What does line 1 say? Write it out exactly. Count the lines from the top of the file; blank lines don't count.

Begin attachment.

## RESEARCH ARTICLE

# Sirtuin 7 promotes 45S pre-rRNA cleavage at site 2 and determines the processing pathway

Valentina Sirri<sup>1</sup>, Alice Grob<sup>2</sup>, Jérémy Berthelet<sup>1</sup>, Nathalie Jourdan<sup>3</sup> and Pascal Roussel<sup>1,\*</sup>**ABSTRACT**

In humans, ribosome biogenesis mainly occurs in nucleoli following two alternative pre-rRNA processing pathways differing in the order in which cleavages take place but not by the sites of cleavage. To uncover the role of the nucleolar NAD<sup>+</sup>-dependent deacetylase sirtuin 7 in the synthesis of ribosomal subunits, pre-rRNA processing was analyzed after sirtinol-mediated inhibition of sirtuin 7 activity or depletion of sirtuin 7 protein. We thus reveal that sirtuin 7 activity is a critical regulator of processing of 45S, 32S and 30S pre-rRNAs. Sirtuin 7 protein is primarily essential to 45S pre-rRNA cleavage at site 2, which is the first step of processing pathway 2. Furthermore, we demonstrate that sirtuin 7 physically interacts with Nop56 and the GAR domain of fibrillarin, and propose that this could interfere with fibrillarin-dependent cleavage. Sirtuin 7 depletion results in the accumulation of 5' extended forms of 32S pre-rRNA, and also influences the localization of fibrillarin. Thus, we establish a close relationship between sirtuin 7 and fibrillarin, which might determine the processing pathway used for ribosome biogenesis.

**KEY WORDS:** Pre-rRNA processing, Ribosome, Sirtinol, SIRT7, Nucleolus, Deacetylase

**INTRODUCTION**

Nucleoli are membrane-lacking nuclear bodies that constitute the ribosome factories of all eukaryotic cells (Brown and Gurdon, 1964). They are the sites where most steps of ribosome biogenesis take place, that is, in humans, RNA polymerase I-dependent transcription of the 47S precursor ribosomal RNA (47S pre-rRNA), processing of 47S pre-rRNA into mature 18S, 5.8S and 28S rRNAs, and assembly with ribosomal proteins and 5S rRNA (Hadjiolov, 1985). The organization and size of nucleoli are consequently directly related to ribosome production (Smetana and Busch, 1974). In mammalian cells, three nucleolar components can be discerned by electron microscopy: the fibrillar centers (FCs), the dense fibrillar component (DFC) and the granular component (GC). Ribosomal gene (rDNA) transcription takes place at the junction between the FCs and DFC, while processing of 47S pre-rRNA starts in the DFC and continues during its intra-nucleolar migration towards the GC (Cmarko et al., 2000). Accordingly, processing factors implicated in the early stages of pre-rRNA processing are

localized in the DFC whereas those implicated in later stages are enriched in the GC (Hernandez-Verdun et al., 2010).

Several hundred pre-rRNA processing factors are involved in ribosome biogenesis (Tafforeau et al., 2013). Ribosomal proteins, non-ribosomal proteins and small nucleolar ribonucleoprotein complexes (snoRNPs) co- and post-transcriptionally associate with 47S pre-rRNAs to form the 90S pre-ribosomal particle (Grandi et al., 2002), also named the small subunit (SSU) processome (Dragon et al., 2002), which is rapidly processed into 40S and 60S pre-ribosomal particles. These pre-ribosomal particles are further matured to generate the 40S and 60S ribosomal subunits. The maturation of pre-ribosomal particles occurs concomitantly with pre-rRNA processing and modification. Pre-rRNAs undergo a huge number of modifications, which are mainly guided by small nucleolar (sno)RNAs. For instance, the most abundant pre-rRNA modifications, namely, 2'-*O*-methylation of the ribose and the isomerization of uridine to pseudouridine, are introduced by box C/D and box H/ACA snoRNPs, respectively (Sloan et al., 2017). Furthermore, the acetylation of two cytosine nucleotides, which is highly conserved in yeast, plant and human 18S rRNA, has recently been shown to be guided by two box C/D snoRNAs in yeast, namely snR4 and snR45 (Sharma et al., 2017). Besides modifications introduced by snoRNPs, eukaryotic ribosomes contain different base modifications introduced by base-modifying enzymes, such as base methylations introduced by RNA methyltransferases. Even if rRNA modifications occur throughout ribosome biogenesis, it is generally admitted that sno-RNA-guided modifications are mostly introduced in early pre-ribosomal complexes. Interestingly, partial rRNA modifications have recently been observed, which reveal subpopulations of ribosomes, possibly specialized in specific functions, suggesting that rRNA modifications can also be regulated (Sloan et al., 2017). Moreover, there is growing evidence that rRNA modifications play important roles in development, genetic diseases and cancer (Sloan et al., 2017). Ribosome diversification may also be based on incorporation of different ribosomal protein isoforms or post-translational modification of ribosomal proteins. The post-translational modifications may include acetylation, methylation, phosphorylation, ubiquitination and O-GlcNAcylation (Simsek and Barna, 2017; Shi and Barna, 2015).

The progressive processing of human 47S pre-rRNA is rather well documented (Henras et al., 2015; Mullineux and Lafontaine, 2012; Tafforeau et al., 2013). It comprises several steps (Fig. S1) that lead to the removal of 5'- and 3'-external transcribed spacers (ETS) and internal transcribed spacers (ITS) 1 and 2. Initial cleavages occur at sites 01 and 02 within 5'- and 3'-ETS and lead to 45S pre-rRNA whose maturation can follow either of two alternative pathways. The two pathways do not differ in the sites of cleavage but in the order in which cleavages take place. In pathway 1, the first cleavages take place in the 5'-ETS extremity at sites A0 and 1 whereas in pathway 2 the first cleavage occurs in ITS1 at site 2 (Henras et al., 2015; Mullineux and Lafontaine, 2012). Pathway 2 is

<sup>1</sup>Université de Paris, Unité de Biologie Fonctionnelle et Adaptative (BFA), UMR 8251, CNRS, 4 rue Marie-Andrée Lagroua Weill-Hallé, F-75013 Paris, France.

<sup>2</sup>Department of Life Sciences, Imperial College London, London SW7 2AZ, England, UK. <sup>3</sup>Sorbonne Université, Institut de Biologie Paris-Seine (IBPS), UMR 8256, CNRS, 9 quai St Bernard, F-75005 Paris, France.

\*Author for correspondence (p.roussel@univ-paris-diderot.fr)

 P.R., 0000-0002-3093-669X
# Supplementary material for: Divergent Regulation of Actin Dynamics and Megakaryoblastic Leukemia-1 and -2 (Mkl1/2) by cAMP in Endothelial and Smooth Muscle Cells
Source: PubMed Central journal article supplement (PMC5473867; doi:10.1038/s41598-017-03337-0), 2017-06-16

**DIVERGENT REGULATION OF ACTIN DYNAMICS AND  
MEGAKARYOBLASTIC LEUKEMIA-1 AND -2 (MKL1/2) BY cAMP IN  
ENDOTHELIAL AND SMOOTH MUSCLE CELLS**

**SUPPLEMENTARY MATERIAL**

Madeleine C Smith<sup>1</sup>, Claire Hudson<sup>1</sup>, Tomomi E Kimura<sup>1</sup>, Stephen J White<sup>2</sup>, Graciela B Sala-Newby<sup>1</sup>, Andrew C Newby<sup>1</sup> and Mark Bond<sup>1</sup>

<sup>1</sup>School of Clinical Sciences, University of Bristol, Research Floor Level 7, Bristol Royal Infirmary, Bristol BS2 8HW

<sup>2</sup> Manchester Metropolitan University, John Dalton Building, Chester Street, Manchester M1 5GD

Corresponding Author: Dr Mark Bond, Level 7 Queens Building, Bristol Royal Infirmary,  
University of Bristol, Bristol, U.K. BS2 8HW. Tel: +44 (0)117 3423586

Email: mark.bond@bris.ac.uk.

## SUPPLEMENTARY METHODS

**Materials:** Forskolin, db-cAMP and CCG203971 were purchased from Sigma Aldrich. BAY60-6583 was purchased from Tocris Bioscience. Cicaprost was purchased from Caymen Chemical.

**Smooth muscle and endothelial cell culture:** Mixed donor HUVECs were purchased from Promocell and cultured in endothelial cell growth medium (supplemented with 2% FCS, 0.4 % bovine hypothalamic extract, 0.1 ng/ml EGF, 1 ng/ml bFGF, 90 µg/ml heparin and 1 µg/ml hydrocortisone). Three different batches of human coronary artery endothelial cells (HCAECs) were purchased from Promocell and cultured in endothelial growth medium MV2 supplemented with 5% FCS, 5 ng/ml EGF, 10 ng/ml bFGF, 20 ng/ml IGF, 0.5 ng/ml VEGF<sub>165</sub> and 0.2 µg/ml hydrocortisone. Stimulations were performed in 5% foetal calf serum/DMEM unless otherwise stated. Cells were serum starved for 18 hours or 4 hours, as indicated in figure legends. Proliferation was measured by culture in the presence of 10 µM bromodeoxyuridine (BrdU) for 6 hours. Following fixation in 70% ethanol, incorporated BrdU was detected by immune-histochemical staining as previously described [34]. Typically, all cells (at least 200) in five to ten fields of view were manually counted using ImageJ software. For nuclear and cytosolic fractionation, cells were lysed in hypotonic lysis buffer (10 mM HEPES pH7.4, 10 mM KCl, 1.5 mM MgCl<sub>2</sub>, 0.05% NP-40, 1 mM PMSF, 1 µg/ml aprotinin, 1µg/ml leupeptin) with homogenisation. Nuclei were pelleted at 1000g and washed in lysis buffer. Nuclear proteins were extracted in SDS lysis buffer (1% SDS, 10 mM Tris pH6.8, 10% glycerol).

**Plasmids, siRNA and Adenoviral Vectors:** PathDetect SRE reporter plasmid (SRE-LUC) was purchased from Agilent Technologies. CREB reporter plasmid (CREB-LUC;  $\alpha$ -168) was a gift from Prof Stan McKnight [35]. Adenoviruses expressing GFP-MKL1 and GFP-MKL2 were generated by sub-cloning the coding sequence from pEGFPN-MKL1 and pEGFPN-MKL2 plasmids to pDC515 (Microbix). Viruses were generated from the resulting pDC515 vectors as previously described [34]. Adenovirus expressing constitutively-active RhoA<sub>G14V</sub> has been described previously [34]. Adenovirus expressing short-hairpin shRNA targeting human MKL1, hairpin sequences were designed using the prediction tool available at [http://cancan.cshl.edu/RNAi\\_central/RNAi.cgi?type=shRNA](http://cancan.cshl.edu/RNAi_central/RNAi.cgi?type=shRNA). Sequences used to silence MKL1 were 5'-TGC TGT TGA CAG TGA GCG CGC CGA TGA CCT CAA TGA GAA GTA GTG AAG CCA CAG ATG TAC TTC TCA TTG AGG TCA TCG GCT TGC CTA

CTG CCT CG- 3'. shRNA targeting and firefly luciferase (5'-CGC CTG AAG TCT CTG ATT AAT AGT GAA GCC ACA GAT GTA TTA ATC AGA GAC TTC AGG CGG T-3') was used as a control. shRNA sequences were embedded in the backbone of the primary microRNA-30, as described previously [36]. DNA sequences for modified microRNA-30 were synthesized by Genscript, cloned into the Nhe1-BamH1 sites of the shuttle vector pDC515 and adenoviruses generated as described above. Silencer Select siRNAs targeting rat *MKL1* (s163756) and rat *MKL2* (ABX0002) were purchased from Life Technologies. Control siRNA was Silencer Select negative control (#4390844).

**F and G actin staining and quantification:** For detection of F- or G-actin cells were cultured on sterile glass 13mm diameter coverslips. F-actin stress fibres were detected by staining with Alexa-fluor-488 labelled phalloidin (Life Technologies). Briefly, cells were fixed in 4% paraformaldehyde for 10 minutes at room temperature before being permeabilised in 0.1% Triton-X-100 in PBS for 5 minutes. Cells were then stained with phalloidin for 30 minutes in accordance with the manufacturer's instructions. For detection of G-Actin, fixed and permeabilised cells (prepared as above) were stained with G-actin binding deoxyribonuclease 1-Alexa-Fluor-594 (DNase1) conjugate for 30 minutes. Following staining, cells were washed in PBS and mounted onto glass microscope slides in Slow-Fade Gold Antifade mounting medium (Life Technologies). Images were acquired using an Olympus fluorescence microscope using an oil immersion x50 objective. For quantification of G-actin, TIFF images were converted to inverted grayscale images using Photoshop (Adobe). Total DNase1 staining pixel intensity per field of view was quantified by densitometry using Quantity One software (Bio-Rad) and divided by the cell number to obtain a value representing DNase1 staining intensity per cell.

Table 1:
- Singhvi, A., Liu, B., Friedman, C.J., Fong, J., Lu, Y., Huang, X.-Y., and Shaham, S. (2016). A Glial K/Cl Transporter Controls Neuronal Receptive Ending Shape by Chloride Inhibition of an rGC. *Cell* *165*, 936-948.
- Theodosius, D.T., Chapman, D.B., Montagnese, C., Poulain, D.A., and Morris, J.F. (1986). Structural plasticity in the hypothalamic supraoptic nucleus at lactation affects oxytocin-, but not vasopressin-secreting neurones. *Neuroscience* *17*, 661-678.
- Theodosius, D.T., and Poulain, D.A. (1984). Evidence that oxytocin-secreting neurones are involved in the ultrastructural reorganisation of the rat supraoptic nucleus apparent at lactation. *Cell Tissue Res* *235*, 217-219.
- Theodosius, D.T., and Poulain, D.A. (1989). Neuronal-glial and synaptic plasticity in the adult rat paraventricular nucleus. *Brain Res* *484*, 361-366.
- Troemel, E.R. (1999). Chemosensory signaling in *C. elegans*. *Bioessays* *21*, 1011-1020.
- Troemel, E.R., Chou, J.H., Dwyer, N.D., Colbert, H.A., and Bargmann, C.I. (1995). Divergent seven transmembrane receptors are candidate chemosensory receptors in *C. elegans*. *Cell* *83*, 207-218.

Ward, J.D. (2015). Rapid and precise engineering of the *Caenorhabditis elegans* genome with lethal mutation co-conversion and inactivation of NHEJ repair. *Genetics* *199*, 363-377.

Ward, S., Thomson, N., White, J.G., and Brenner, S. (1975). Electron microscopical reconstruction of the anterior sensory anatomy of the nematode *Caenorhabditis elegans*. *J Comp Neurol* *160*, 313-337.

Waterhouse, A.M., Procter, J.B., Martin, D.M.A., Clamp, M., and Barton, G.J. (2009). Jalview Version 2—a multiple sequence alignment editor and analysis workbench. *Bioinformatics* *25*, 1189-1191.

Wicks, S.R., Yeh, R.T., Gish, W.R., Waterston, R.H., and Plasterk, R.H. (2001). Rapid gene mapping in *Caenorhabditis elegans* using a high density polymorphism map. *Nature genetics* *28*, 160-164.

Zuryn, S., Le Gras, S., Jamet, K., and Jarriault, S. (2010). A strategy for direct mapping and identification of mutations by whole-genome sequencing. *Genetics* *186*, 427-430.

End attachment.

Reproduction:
## RESEARCH ARTICLE